by Judith Curry
From about 1940 to 1970 the increasing industrialisation following World War II increased pollution in the Northern Hemisphere, contributing to cooling, and increases in carbon dioxide and other greenhouse gases dominate the observed warming after the mid-1970s.
In Chapter 9, a more detailed analysis is provided:
Differences between simulations including greenhouse gas forcing only and those that also include the cooling effects of sulphate aerosols (e.g., Tett et al., 2002) indicate that the cooling effects of sulphate aerosols may account for some of the lack of observational warming between 1950 and 1970, despite increasing greenhouse gas concentrations, as was proposed by Schwartz (1993). In contrast, Nagashima et al. (2006) find that carbonaceous aerosols are required for the MIROC model (see Table 8.1 for a description) to provide a statistically consistent representation of observed changes in near-surface temperature in the middle part of the 20th century. The mid-century cooling that the model simulates in some regions is also observed, and is caused in the model by regional negative surface forcing from organic and black carbon associated with biomass burning. Variations in the Atlantic Multi-decadal Oscillation (see Section 3.6.6 for a more detailed discussion) could account for some of the evolution of global and hemispheric mean temperatures during the instrumental period (Schlesinger and Ramankutty, 1994; Andronova and Schlesinger, 2000; Delworth and Mann, 2000); Knight et al. (2005) estimate that variations in the Atlantic Multi-decadal Oscillation could account for up to 0.2°C peak-to-trough variability in NH mean decadal temperatures.
Skeptical Science provides a detailed explanation for the aerosol-driven mechanism for the mid-century cooling. It concludes with:
So what caused the mid-century cooling to end? The main cause of the sudden shift in global temperature trends was the passage of Clean Air Acts by various countries in response to air pollution and acid rain. The USA, for example, first passed its Clean Air Act in 1970, with amendments in 1977 and 1990. Coincidentally, the US Supreme Court (inMassachusetts v. EPA) and EPA (in an endangerment finding) also recently decided that greenhouse gases qualify as ‘air pollutants’ in the Clean Air Act and must be regulated accordingly.
Smith et al. paper
Anthropogenic sulfur dioxide emissions: 1850-2005
S.J. Smith, J. van Aardenne, Z. Klimont, R.J. Andres, A. Volke, and S. Delgado Arias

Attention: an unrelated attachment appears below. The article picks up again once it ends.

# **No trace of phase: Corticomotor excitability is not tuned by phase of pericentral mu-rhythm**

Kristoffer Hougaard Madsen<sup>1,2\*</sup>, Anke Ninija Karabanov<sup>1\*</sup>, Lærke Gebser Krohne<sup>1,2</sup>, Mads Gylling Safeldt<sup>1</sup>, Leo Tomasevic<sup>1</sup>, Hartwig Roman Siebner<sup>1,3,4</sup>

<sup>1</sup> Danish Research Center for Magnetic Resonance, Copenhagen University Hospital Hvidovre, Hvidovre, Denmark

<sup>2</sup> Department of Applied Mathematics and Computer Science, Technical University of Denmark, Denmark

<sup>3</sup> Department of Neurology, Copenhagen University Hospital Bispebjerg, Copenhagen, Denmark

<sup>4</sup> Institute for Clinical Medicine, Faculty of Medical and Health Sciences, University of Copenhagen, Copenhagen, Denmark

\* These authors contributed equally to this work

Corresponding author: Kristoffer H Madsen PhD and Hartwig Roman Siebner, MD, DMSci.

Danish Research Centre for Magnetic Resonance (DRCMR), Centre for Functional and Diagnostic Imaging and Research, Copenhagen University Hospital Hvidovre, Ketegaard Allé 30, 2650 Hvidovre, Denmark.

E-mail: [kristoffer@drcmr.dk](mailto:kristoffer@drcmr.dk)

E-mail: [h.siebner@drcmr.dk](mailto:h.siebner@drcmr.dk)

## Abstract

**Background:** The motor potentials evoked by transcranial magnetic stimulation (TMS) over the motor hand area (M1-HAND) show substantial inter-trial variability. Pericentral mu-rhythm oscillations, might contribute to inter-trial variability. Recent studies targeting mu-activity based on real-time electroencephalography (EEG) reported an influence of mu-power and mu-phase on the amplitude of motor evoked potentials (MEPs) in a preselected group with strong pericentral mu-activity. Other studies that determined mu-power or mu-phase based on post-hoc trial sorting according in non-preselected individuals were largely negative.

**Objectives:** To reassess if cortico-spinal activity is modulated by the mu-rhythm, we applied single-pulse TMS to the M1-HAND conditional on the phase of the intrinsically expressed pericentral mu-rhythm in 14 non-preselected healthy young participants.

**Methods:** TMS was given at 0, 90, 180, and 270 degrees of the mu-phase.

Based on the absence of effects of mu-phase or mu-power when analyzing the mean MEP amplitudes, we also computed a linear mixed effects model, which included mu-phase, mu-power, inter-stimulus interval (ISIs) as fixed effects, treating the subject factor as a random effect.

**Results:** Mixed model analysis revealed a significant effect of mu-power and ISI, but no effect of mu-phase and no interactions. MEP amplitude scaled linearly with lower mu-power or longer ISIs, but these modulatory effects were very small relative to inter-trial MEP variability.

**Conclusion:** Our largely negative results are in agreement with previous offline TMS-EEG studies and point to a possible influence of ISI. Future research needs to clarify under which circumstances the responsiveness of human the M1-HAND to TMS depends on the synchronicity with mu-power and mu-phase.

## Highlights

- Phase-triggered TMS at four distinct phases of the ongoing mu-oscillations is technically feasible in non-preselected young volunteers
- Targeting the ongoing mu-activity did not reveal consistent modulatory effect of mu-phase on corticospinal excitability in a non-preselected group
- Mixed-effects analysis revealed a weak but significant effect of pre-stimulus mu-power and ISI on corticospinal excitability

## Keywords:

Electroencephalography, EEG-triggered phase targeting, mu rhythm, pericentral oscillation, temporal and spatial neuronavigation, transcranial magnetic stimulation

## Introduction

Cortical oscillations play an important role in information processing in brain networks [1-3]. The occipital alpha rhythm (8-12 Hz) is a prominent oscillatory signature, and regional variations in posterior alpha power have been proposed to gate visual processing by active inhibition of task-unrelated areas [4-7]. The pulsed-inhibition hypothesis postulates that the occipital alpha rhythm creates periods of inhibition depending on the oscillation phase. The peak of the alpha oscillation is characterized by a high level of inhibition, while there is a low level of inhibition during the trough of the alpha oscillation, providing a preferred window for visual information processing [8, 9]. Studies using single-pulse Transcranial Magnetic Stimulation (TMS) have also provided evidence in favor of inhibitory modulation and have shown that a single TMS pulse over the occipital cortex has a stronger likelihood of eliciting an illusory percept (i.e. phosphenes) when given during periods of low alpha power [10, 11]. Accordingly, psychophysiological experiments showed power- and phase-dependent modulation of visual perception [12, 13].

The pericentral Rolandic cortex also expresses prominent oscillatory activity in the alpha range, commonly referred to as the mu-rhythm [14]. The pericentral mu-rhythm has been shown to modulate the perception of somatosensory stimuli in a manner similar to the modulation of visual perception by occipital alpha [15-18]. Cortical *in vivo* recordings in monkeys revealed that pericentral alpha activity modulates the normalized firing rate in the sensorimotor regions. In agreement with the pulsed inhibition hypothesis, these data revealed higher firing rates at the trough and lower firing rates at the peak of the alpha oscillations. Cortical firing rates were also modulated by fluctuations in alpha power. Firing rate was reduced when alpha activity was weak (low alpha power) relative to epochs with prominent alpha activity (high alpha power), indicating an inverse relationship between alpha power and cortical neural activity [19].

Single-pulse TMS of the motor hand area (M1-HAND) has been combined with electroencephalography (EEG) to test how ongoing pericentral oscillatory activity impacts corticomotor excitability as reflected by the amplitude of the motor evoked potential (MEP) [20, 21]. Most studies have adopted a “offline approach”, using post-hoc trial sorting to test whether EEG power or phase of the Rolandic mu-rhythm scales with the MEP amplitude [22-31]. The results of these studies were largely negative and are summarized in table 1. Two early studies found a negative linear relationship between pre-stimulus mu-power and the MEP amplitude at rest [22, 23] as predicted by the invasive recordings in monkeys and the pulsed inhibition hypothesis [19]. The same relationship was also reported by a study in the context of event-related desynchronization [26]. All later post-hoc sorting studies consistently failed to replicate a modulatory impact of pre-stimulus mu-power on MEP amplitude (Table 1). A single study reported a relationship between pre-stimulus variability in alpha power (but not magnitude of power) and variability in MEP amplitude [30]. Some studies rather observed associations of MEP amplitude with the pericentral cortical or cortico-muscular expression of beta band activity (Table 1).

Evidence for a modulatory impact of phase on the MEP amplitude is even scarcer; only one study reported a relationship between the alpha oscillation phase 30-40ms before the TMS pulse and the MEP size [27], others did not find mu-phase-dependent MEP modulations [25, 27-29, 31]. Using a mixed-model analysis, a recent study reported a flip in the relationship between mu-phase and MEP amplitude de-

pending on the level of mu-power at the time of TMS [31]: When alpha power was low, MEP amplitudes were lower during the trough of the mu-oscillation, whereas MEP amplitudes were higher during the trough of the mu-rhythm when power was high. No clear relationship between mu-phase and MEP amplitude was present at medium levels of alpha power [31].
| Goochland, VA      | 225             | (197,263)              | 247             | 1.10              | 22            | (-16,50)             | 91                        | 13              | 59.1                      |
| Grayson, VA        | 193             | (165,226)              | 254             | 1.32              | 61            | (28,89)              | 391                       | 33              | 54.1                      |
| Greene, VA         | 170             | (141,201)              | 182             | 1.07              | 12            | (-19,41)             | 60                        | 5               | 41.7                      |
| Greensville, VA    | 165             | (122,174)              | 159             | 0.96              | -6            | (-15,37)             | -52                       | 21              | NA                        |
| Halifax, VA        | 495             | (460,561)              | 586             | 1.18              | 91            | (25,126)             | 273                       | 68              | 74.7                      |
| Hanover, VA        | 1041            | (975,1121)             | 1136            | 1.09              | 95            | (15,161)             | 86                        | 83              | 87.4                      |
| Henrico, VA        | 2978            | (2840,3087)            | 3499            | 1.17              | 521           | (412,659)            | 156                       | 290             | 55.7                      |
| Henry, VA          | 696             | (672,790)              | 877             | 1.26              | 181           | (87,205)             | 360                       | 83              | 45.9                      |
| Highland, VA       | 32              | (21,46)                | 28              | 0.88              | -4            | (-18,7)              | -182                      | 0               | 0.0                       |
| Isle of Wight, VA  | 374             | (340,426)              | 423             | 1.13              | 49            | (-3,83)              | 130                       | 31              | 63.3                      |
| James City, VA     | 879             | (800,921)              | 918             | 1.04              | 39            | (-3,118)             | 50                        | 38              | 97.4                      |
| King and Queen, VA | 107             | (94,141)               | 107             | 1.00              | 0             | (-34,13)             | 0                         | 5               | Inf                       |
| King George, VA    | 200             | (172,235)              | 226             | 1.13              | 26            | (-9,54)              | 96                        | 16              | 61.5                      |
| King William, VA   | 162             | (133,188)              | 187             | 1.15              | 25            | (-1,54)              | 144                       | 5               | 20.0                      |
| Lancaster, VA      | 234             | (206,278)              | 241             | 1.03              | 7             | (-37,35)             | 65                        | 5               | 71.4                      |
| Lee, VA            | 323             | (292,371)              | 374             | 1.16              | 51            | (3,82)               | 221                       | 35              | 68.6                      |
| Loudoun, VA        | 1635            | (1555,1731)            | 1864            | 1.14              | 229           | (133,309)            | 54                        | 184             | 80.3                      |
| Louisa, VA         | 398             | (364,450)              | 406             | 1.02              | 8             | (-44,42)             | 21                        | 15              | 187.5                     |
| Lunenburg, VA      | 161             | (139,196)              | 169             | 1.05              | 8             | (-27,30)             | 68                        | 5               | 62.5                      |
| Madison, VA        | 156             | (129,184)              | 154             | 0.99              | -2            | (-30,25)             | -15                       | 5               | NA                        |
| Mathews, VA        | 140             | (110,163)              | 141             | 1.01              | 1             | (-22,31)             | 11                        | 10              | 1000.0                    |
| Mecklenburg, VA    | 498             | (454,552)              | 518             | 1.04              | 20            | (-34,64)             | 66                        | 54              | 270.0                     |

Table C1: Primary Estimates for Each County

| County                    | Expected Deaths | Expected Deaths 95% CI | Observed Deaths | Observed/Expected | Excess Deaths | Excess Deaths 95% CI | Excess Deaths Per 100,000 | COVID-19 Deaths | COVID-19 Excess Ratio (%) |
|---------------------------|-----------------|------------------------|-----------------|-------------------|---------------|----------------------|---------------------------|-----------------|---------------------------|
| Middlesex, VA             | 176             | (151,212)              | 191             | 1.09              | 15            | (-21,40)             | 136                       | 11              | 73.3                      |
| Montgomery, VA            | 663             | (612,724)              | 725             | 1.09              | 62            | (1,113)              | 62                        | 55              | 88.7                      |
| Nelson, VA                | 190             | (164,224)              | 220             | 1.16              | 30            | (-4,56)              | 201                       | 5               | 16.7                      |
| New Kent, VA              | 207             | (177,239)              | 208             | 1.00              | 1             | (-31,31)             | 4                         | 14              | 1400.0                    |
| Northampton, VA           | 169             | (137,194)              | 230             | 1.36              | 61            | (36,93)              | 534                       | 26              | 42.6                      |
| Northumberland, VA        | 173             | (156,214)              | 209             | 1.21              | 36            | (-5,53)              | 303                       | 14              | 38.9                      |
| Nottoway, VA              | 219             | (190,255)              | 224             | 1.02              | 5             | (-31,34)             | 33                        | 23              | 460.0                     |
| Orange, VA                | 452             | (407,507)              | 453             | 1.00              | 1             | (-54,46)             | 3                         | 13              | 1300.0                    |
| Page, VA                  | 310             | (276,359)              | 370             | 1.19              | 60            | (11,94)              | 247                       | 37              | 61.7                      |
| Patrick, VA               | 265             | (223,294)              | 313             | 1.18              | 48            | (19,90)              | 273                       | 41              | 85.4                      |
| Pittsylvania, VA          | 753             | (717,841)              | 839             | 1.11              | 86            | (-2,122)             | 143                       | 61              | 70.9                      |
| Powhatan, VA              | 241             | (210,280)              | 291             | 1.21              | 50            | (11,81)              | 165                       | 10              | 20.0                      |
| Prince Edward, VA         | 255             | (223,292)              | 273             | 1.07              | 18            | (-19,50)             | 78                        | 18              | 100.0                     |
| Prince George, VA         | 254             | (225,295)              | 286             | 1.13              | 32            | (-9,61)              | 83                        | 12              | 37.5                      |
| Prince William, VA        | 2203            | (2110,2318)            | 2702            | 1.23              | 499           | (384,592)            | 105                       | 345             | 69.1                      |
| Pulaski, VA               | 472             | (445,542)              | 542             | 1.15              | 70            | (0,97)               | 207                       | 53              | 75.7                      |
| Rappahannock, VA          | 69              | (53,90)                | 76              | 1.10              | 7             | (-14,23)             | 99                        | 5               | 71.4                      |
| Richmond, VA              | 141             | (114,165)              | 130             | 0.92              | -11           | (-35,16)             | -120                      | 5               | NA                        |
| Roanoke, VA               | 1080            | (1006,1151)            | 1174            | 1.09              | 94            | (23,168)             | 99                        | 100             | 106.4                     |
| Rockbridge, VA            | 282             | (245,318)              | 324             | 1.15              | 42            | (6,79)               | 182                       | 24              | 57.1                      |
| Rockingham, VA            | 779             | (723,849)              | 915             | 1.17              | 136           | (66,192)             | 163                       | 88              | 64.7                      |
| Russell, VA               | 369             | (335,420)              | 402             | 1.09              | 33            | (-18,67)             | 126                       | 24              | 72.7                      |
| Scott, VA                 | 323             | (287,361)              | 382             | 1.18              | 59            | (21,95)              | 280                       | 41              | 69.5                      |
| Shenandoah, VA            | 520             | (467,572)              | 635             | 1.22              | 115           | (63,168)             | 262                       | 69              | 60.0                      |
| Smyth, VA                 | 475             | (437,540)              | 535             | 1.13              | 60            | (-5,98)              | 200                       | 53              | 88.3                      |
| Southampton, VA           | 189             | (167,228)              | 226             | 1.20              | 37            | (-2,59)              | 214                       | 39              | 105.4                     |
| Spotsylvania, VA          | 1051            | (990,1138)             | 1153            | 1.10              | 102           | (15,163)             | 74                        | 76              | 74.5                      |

Abstract. Sulfur aerosols impact human health, ecosystems, agriculture, and global and regional climate. A new annual estimate of anthropogenic global and regional sulfur dioxide emissions has been constructed spanning the period 1850– 2005 using a bottom-up mass balance method, calibrated to country-level inventory data. Global emissions peaked in the early 1970s and decreased until 2000, with an increase in recent years due to increased emissions in China, inter- national shipping, and developing countries in general. An uncertainty analysis was conducted including both random and systemic uncertainties. The overall global uncertainty in sulfur dioxide emissions is relatively small, but regional uncertainties ranged up to 30%. The largest contributors to uncertainty at present are emissions from China and interna- tional shipping. Emissions were distributed on a 0.5◦ grid by sector for use in coordinated climate model experiments.
The graphs show a broad peak from about 1970-1990, then a 10-15% decrease from 1990 to 2000 (with a slight increase between 2000 and 2005). Eyeballing the graph shows emissions in Gg:
- 1910-1940: 25,000 – 50,000 Gg
- 1940-1970: 50,000 – 125,000 Gg
- 1970-2000: 125,000 – 110,000 Gg
The drop in global sulfate emissions after 1970 just isn’t all that large; while there were large decreases in the U.S. and Europe, developing economies (esp Asia) were rapidly increasing. So it it seems to be more accurate to state that there was a leveling off around 1970, with a small decrease in the 1990’s, then an increase beginning ca 2000.
So how does the aerosol explanation hold up for the mid century cooling? There is a marked change in the slope of emissions at 1950; hence the aerosols don’t seem to be a convincing explanation for the large cooling observed in the 1940’s.
And how does the aerosol explanation hold up for the resumption of warming ca 1970? Again, there is a marked change in slope ca 1970, where the emissions level off until 1990; there is no global reduction in total emissions between 1970 and 1990.
JC’s conclusion: It seems implausible to attribute the mid century cooling and the resumption of warming to an increase in sulfate emissions following WWII and then a decrease ca 1970 following the Clean Air Acts. There may be some sort of complicated lag that may be evident to support the 1970-2000 warming (from the increase during the period 19501970), but the large cooling from 1940-1950 cannot be explained by aerosol forcing.